Summer 2009: Features

Paper doll standing up.

A cutout from the book by Michael Feder 91MBA.

Kay Hinton

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Long Live the King

From fashion to Facebook, Elvis Presley still leads the way to Graceland

By Mary J. Loftus

Elvis is on Twitter.

The iconic King of Rock, who died in 1977, nevertheless has thousands of followers who micro-blog about “listening to the King on the way to the Elvis festival in Tupelo” and how Elvis is “shaking things up in Vegas at the licensing expo.” He also has official MySpace, Facebook, and Bebo pages (and many more unofficial ones).

Elvis has been a trendsetter since he first rocked America in 1954, so his solid gold status on social media sites isn’t really surprising, says Kevin Kern, director of public relations for Elvis Presley Enterprises. “He’s still very much an influence in popular culture, from Elvis night on American Idol to YouTube videos and iPhone apps for Elvis sightings,” Kern says, sitting in a plush conference room at Graceland’s corporate offices. “Nobody was like Elvis. He changed the world in terms of a musical revolution but also in terms of a sexual revolution and a fashion revolution.”

The relatively modest Graceland estate, off Elvis Presley Boulevard in a well-worn section of Memphis, still draws more than six hundred thousand visitors a year. The annual candlelight vigil the night before August 16—the day of Elvis’s death—attracts nearly fifty thousand. “So many people walk by, we have to resod the grass around the grave afterward,” Kern says. Audio tours are available in eight languages.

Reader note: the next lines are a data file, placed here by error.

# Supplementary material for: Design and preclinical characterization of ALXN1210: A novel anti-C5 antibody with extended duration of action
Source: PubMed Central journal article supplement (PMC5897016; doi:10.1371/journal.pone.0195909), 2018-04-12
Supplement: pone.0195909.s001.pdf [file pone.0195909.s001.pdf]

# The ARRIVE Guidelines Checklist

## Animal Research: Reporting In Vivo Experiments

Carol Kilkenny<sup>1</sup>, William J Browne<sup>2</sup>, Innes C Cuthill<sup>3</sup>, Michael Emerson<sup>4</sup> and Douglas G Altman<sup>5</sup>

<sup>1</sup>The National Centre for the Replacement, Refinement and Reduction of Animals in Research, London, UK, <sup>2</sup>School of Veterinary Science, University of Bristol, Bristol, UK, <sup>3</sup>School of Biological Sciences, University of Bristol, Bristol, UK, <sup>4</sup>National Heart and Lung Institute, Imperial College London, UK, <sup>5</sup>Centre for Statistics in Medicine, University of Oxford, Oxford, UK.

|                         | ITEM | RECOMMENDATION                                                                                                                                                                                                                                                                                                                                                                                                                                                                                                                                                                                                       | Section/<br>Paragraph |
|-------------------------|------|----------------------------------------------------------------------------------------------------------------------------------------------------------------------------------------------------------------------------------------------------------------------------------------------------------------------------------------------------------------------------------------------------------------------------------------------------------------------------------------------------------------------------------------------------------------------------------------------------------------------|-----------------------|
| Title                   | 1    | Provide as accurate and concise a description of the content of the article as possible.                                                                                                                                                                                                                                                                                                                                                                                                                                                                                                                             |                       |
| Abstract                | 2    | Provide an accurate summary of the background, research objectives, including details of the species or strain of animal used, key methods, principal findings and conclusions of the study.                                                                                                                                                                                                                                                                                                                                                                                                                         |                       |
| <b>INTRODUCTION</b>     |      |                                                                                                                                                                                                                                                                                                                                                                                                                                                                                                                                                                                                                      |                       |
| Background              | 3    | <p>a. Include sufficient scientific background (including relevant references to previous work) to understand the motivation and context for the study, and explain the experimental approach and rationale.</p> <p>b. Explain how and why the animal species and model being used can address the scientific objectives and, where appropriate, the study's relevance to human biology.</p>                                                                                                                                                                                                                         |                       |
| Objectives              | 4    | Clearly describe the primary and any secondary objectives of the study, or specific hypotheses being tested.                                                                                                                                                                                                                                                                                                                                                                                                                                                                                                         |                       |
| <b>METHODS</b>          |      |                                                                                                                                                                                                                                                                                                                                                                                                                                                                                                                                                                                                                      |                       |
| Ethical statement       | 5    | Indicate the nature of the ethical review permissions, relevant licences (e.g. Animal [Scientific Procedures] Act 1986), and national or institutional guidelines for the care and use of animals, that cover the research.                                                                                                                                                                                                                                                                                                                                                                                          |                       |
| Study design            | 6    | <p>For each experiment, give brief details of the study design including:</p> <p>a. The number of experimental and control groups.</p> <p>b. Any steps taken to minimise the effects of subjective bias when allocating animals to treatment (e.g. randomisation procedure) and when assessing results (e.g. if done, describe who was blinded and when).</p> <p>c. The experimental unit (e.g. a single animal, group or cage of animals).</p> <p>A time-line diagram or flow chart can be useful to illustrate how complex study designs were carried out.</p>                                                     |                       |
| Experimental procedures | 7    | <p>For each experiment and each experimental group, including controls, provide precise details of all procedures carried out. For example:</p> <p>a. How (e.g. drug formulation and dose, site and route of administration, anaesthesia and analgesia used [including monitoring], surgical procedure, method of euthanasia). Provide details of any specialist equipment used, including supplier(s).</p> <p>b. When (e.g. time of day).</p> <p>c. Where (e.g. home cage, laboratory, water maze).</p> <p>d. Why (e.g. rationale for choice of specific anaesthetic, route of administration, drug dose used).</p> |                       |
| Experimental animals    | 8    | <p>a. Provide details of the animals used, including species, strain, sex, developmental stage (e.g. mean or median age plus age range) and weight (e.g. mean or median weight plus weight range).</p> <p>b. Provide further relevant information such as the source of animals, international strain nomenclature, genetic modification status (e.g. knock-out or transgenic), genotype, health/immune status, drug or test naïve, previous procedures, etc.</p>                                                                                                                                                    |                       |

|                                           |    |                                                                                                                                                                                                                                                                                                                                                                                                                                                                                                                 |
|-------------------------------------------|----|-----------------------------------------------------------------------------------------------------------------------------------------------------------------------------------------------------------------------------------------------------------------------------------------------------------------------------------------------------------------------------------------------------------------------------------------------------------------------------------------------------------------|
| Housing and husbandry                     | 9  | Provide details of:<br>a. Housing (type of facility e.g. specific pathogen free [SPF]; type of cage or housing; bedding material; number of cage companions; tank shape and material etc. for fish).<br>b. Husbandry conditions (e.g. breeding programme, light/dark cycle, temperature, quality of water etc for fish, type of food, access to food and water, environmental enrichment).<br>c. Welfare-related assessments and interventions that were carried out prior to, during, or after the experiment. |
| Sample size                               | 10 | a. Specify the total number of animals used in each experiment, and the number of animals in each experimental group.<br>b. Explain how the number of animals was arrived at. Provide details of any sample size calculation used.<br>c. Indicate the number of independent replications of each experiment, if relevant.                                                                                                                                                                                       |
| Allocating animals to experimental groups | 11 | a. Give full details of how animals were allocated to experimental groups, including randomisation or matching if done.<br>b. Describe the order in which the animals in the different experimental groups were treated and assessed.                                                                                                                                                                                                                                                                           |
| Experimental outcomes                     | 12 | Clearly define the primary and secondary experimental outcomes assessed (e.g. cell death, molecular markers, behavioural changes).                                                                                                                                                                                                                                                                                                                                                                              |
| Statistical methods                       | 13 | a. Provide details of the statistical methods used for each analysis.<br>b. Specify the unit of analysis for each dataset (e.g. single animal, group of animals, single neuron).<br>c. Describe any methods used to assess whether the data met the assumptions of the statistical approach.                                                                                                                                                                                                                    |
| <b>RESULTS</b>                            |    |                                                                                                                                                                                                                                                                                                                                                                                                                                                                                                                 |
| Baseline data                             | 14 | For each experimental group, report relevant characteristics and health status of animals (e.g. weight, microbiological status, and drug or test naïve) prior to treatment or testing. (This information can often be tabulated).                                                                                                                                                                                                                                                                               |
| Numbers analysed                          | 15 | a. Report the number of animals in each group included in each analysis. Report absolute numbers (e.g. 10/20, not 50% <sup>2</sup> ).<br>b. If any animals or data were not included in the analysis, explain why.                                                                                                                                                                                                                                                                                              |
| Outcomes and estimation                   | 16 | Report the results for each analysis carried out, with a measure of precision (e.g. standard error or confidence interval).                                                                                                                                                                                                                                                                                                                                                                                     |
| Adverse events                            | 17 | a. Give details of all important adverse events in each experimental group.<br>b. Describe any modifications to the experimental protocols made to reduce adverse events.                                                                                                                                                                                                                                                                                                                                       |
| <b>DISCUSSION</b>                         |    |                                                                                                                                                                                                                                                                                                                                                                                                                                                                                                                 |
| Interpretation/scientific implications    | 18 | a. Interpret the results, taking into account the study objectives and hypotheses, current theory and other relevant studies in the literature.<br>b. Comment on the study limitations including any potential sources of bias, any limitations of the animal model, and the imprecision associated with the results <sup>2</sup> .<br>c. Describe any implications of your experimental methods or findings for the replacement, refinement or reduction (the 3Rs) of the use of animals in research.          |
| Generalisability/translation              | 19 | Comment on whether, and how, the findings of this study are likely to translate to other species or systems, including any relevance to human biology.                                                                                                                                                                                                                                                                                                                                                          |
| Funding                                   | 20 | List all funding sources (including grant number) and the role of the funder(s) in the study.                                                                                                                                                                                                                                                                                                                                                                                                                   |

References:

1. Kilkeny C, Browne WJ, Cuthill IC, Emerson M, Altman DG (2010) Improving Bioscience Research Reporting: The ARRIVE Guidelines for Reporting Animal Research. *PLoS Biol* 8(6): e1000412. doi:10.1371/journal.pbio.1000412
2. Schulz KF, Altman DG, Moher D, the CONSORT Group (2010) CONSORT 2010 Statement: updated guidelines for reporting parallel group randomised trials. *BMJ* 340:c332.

Despite a light drizzle on this June afternoon, a line of tourists is waiting to walk through Elvis’s home, his car museum, and his private jet, the Lisa Marie, which is parked beside the Graceland shops, where you can get your photo taken with a life-sized Elvis likeness and sample his favorite fried peanut butter and banana sandwiches.

According to Forbes Magazine, Elvis was the top-earning dead celebrity in 2008 for the second year in a row. “Without so much as lifting a finger, the Memphis Flash earned a whopping $52 million in the last year,” writes reporter Peter Hoy. “The thirtieth anniversary of Elvis’s death helped boost attendance and merchandise sales at Graceland, and new ventures such as an Elvis Sirius Satellite Radio show add to a long list of publishing and licensing deals.”

Licensing deals such as the one that allowed Michael Feder 91MBA to create the Amazon bestseller, Elvis: Your Personal Fashion Consultant. The “Punch Out and Play” book features full-length photos of Elvis that can become free-standing paper dolls—with captions such as “Making the world a better place, one purple double-breasted suit at a time.” It retails for $12.95 and is available through Graceland’s

“It’s a very different book and has been quite popular,” Kern says. “It’s interactive in the sense that you can pop out the various Elvi in different states of fashion.” (Yes, apparently, Elvi—plural for Elvis—is a word that’s used at Graceland.)

Most of the archival images in the book are from Elvis movies, such as Jailhouse Rock and Blue Hawaii, and Feder’s wife, Karan, a Hollywood costume designer, painstakingly colorized the black and white images, pixel by pixel.

Michael and Karan, who now live in Nevada, eloped to Vegas in 1994 and were married at the Graceland Wedding Chapel there. “The Graceland Chapel now carries our Elvis book,” he says, “so it all comes around.”

Feder, who guest-lectures at Goizueta Business School, launched his company, Fame Farm, in 2005, when he acquired exclusive rights to the image and brand of Liberace. He and Karan produced their first book, Liberace: Your Personal Fashion Consultant, through Abrams of New York in 2008.

“We wanted to show that Liberace was cool, funny, and kitschy, and could attract a whole new generation of fans,” he says.